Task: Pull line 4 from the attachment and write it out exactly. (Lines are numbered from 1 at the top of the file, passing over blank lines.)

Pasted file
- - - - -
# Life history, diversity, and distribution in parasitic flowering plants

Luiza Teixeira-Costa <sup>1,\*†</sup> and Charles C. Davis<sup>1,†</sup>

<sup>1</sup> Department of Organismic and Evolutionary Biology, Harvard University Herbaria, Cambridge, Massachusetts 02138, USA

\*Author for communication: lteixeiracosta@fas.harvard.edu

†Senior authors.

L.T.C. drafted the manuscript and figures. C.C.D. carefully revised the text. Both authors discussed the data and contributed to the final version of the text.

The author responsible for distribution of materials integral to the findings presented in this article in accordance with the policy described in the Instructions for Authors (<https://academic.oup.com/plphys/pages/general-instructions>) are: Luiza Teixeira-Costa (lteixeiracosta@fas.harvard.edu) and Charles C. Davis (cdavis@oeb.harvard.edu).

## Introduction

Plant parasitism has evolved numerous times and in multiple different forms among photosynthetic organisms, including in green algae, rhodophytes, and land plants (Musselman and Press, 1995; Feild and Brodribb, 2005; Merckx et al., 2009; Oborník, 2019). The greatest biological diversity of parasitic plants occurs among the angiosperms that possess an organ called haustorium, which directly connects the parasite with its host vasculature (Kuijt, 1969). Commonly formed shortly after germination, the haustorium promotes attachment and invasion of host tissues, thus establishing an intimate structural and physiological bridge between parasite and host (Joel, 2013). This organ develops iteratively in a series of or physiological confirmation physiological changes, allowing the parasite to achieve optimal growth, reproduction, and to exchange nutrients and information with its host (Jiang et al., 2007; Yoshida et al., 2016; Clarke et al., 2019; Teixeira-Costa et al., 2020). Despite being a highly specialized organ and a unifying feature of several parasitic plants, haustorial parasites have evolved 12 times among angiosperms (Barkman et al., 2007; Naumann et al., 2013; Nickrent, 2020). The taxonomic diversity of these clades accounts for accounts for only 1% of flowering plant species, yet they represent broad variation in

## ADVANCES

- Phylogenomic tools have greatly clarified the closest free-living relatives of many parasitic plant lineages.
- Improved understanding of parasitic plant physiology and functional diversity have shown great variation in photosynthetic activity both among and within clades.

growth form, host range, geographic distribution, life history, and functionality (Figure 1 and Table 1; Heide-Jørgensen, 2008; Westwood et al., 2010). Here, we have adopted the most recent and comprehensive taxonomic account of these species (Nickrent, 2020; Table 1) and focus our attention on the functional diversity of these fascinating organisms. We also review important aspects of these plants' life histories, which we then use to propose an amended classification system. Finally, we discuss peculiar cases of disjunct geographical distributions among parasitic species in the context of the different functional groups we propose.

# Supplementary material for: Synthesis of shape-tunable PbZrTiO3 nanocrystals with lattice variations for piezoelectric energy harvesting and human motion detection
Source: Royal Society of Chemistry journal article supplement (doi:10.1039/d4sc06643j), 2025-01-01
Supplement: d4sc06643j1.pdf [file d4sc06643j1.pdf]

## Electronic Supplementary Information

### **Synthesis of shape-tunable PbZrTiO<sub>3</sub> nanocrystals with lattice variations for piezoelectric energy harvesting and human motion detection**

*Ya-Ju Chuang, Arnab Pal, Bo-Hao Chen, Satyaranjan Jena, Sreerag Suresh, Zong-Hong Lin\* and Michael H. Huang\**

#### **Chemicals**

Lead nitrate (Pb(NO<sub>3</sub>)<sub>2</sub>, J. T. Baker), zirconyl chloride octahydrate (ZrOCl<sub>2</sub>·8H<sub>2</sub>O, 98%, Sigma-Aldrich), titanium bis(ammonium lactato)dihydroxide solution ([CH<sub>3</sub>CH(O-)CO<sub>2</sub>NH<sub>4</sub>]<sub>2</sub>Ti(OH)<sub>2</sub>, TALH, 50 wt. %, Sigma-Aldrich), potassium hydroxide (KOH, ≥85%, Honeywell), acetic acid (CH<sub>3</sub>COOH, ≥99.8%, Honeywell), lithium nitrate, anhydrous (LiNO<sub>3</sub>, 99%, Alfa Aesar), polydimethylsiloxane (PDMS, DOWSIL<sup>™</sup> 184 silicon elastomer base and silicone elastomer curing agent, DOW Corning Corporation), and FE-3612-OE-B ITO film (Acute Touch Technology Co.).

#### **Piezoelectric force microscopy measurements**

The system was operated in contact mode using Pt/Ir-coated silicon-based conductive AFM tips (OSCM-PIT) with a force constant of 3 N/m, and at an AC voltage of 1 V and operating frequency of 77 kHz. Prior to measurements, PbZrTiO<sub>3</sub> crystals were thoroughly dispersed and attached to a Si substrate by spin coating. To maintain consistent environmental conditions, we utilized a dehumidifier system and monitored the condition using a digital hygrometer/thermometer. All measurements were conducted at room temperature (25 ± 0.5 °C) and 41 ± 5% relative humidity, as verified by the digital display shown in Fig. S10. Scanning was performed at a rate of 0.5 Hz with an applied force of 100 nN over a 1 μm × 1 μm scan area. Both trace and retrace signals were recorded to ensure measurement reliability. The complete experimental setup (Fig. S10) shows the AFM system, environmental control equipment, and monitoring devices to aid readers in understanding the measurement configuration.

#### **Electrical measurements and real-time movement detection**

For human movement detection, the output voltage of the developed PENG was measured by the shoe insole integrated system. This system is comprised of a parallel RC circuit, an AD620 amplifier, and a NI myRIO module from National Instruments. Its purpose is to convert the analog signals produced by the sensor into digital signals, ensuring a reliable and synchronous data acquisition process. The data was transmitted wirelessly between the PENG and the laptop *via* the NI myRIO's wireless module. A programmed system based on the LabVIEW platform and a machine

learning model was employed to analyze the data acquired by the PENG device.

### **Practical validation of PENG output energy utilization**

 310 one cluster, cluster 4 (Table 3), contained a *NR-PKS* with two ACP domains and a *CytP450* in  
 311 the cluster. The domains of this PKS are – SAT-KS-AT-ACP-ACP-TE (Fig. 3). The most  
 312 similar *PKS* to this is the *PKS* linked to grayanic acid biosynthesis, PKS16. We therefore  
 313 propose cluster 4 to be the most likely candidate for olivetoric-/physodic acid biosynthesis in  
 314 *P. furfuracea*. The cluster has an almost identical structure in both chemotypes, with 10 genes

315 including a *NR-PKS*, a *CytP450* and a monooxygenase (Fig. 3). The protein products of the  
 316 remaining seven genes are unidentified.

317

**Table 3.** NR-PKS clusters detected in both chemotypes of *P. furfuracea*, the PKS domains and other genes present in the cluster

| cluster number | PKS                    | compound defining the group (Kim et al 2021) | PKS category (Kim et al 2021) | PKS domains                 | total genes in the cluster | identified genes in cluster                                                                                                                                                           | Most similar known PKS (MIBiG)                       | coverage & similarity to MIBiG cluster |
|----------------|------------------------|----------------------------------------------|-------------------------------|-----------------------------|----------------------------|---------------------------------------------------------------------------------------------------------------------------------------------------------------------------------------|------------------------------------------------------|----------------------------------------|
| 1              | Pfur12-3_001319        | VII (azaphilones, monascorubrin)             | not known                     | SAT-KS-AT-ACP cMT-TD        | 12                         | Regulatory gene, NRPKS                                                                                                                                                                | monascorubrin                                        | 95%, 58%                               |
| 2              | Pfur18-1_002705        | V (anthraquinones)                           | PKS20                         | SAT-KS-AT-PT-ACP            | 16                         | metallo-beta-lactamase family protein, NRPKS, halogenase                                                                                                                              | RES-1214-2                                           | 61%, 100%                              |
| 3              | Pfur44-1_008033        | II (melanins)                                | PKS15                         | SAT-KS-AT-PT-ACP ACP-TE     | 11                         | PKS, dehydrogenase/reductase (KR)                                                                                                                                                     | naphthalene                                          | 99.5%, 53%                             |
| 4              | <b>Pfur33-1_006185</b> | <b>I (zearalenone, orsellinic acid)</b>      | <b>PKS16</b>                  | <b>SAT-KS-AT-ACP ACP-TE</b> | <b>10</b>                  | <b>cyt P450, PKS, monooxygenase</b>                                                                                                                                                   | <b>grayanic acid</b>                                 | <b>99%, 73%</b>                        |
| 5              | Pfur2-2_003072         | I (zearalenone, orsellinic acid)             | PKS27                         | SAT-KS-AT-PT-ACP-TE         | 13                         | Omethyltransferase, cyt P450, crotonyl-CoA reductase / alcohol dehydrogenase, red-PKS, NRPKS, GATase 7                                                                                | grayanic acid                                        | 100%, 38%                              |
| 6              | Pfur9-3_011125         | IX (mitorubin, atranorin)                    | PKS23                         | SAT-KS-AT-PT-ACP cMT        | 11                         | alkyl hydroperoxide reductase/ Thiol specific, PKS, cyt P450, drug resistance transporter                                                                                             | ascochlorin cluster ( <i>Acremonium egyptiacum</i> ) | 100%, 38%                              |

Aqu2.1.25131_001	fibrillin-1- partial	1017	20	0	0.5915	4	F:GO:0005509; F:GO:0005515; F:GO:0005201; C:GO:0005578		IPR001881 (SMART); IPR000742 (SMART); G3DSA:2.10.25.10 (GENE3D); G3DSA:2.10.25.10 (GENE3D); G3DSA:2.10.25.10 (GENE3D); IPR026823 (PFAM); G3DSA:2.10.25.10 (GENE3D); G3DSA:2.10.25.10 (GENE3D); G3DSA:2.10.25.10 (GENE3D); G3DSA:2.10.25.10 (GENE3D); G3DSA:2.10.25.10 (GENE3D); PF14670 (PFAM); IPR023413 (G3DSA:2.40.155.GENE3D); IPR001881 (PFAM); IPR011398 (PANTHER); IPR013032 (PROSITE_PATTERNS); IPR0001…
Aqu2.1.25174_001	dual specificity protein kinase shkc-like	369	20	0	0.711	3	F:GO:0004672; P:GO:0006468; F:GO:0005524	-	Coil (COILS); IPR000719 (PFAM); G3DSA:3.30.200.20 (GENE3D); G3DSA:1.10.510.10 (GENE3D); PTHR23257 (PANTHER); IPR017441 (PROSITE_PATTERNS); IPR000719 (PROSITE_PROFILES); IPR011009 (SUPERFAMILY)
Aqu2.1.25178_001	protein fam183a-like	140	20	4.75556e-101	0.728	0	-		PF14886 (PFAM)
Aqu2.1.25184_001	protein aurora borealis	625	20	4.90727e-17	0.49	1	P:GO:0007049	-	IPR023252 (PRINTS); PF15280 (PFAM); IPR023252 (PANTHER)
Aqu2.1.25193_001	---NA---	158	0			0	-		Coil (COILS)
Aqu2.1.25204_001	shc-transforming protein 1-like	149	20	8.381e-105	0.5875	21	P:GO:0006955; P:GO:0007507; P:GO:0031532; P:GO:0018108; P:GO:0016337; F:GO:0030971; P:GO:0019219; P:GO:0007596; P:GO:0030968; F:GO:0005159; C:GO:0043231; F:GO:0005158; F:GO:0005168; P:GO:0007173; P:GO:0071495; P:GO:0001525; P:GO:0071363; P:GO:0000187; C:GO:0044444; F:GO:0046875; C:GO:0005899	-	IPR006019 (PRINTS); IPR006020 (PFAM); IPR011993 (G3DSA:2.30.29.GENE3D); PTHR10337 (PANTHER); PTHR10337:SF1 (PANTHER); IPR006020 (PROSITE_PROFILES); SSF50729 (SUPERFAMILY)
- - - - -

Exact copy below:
\*Author for communication: lteixeiracosta@fas.harvard.edu